The psychological trials and tribulations that young adults “voluntarily” undergo in pursuit of joining the supposed elite (and the addictive potential of the journey itself) has been dramatized in the excellent Brazilian scifi mini-series 3%.

        On the other side of this “process” is the invested-ness of people who are told that they made the cut (for the time being). What I do have direct experience of is research, I’ve seen junior scientists transformed from an empathic understanding of their own precarious existence to a full neo-liberal make-over in less than a year on getting their first major grant (that will of course only give them security for 3 years or so).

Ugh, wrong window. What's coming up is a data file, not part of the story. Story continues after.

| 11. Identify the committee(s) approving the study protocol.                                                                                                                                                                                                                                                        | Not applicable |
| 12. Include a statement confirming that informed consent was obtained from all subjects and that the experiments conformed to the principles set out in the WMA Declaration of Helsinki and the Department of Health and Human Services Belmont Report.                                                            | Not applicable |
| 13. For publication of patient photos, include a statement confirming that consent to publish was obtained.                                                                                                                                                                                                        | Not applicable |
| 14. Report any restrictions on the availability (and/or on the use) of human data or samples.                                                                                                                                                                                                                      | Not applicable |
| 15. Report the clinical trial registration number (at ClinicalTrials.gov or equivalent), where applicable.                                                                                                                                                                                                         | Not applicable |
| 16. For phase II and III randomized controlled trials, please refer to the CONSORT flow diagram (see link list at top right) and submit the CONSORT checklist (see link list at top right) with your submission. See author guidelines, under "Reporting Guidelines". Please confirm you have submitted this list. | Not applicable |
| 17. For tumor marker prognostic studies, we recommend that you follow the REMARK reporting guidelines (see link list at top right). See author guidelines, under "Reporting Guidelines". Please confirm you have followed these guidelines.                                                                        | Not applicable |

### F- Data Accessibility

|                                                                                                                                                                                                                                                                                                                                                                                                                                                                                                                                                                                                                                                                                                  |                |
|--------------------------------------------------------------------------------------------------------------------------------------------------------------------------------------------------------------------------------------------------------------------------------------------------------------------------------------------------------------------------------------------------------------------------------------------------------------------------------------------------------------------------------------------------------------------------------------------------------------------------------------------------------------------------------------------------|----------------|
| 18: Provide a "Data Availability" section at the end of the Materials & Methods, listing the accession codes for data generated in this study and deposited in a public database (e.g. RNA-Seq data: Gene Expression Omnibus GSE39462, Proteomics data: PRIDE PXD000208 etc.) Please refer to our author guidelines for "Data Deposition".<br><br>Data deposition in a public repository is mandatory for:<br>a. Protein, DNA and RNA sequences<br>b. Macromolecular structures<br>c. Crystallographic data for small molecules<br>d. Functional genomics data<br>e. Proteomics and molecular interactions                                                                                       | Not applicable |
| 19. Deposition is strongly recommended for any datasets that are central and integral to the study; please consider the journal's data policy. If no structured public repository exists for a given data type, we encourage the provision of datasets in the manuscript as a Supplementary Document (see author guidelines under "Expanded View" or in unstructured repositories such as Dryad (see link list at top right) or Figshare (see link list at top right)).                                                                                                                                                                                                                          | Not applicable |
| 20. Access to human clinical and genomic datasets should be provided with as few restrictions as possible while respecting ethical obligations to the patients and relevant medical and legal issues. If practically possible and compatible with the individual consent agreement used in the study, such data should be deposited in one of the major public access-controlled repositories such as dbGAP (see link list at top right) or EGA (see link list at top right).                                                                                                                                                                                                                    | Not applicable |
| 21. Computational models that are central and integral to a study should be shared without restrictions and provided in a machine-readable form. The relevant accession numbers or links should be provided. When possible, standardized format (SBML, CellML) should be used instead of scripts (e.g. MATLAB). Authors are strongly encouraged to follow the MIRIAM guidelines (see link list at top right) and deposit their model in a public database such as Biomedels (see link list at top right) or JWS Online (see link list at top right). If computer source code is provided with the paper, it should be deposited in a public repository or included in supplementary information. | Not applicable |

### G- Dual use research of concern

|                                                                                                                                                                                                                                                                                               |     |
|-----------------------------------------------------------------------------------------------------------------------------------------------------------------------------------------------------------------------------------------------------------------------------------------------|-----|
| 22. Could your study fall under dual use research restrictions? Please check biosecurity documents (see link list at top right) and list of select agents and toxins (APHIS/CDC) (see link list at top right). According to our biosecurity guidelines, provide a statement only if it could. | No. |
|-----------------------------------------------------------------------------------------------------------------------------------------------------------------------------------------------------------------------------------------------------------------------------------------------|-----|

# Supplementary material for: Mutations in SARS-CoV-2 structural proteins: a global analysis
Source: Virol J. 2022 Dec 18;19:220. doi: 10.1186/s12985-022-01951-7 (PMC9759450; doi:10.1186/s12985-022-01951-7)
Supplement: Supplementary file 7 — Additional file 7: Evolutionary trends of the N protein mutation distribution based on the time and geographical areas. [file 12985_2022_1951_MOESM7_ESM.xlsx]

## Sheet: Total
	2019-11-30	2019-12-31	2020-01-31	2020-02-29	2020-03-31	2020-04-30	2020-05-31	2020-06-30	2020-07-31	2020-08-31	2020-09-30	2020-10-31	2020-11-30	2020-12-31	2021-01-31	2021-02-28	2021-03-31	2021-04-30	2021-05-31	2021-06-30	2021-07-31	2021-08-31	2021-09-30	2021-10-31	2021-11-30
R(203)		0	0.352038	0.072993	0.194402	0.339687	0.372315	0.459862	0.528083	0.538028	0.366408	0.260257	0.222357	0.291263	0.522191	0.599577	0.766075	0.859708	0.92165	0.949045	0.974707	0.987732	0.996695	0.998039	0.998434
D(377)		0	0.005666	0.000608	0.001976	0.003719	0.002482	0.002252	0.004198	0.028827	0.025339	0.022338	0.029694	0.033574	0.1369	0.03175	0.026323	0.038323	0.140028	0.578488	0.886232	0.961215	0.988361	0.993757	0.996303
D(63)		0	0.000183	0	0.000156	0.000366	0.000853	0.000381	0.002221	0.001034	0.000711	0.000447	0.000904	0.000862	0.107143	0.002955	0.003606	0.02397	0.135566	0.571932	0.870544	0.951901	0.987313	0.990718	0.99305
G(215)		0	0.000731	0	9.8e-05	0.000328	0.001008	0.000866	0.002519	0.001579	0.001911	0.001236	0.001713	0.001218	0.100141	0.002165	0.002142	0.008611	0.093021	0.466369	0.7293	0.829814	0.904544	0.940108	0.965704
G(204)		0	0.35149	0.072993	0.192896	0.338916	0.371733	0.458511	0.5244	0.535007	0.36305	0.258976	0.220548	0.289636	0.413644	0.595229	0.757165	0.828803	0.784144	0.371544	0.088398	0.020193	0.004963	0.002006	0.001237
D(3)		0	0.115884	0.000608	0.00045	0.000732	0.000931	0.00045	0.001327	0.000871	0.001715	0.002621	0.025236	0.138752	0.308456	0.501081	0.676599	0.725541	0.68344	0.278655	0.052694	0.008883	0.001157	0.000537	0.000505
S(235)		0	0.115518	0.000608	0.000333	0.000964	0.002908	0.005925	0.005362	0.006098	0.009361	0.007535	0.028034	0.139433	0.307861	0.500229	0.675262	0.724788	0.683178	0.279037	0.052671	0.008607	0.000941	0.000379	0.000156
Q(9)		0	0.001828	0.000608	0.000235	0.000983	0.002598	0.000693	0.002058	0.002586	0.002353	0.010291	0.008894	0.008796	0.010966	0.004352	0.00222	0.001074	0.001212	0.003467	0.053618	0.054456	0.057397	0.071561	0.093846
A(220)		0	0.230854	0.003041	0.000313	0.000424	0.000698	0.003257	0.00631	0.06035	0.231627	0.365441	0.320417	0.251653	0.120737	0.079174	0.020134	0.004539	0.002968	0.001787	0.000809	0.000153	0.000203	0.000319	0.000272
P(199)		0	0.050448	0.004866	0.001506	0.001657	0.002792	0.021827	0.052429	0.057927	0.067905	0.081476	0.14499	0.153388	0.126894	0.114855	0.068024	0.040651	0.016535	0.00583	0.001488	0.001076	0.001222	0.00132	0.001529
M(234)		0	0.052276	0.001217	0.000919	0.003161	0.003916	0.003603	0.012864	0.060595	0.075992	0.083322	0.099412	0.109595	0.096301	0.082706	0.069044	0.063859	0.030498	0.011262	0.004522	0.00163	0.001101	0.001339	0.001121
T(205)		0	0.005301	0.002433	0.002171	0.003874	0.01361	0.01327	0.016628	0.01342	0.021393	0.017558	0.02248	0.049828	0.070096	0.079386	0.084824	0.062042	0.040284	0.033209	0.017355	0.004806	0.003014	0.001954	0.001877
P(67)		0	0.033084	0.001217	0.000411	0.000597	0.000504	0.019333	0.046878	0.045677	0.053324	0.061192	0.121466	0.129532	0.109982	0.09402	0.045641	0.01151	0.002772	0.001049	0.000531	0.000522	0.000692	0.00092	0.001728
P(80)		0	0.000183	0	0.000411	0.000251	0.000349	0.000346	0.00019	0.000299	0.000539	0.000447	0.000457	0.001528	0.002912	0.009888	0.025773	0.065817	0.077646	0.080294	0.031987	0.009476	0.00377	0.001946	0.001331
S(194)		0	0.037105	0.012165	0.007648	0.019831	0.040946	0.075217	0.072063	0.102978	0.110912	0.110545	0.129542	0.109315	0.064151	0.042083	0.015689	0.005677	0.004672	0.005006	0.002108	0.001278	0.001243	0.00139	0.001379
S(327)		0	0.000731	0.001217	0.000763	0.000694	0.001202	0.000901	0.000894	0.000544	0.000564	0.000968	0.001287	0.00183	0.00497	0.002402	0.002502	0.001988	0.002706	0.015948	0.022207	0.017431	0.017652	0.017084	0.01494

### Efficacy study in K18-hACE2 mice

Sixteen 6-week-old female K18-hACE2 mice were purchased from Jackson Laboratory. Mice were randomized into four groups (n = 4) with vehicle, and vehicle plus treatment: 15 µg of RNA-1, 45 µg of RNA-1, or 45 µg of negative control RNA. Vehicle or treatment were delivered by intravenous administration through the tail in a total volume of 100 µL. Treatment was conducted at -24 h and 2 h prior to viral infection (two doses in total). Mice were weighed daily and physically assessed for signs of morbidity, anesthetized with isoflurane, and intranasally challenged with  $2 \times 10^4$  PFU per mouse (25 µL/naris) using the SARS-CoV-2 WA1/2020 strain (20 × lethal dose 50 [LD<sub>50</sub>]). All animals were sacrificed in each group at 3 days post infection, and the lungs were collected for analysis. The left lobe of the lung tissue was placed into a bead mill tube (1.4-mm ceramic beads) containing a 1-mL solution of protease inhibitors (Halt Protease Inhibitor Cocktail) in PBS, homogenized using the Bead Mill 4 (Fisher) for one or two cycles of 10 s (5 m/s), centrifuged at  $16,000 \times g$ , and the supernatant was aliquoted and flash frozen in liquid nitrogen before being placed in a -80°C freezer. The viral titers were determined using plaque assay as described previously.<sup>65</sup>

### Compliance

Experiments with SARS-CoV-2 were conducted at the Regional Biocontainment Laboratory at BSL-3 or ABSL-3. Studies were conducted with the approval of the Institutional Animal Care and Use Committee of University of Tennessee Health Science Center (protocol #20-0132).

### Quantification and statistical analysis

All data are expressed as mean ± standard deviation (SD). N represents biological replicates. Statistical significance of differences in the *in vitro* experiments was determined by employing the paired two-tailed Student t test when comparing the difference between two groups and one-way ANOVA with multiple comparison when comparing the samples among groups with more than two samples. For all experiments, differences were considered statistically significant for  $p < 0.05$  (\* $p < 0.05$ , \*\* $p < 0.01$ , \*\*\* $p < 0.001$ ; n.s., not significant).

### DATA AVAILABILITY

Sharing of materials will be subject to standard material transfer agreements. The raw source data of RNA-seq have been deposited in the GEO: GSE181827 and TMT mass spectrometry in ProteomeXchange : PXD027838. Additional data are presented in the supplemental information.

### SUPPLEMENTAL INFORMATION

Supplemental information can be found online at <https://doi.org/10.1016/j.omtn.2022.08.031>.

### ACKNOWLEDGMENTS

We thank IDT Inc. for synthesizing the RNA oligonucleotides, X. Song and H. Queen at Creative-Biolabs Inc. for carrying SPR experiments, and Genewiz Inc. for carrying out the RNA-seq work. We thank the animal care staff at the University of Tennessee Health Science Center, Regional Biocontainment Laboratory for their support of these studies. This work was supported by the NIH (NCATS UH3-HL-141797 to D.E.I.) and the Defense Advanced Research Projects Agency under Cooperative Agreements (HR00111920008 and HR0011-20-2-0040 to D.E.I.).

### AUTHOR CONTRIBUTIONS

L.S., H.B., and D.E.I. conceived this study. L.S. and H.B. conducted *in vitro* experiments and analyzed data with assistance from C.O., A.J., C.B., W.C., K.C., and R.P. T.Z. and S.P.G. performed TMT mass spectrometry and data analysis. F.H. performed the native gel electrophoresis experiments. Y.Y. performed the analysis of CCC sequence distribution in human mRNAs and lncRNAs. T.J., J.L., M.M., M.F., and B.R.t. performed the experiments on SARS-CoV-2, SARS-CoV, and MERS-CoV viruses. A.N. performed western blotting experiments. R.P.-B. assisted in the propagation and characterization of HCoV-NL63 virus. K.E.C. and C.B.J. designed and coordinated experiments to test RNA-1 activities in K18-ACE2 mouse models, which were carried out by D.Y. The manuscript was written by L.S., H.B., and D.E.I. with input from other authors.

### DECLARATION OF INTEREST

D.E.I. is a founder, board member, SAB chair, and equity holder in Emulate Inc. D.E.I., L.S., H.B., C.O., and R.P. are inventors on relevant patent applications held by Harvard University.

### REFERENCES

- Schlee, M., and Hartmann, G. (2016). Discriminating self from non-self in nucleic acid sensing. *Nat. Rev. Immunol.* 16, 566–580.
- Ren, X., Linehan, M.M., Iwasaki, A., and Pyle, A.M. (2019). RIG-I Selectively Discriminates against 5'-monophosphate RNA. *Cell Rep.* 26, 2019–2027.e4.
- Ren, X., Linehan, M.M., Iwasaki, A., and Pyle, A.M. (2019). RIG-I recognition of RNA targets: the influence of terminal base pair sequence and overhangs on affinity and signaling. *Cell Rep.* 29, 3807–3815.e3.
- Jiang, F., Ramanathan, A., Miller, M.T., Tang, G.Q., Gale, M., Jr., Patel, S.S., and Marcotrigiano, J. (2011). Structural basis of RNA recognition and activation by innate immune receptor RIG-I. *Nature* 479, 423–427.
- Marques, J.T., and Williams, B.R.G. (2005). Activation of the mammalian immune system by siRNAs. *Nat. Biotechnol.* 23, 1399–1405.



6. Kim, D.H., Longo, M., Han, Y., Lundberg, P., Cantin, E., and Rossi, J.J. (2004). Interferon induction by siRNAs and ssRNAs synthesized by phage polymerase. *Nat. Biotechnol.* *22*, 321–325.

If people overcome these selection hurdles, they’ll certainly get high salaries (compounded by the lack of time to actually spend any of it), high salaries by the standards of commoners, that is, not the 0.1 percent.

        The choice before this supposed professional elite (or what’s left of it) – whether to side with the 0.1% or with the rest of us – will likely define the struggle of our generation.

      • «The choice before this supposed professional elite (or what’s left of it) – whether to side with the 0.1% or with the rest of us – will likely define the struggle of our generation.» I suspect that, in the usual course of affairs, this elite will split ; some will take the high road and some the low, but I haven’t a clue as to who will first get to Scotland. But as the song goes, meetings with one’s true love on the bonny, bonny banks of Loch Lomond don’t seem to be in the cards….


  3. Theoretically, it should work – hospitals and big pharma should lower their prices and increase quality in order to attract customers.

    Somehow, it doesn’t work that way. Has anyone seen the Invisible Hand around lately?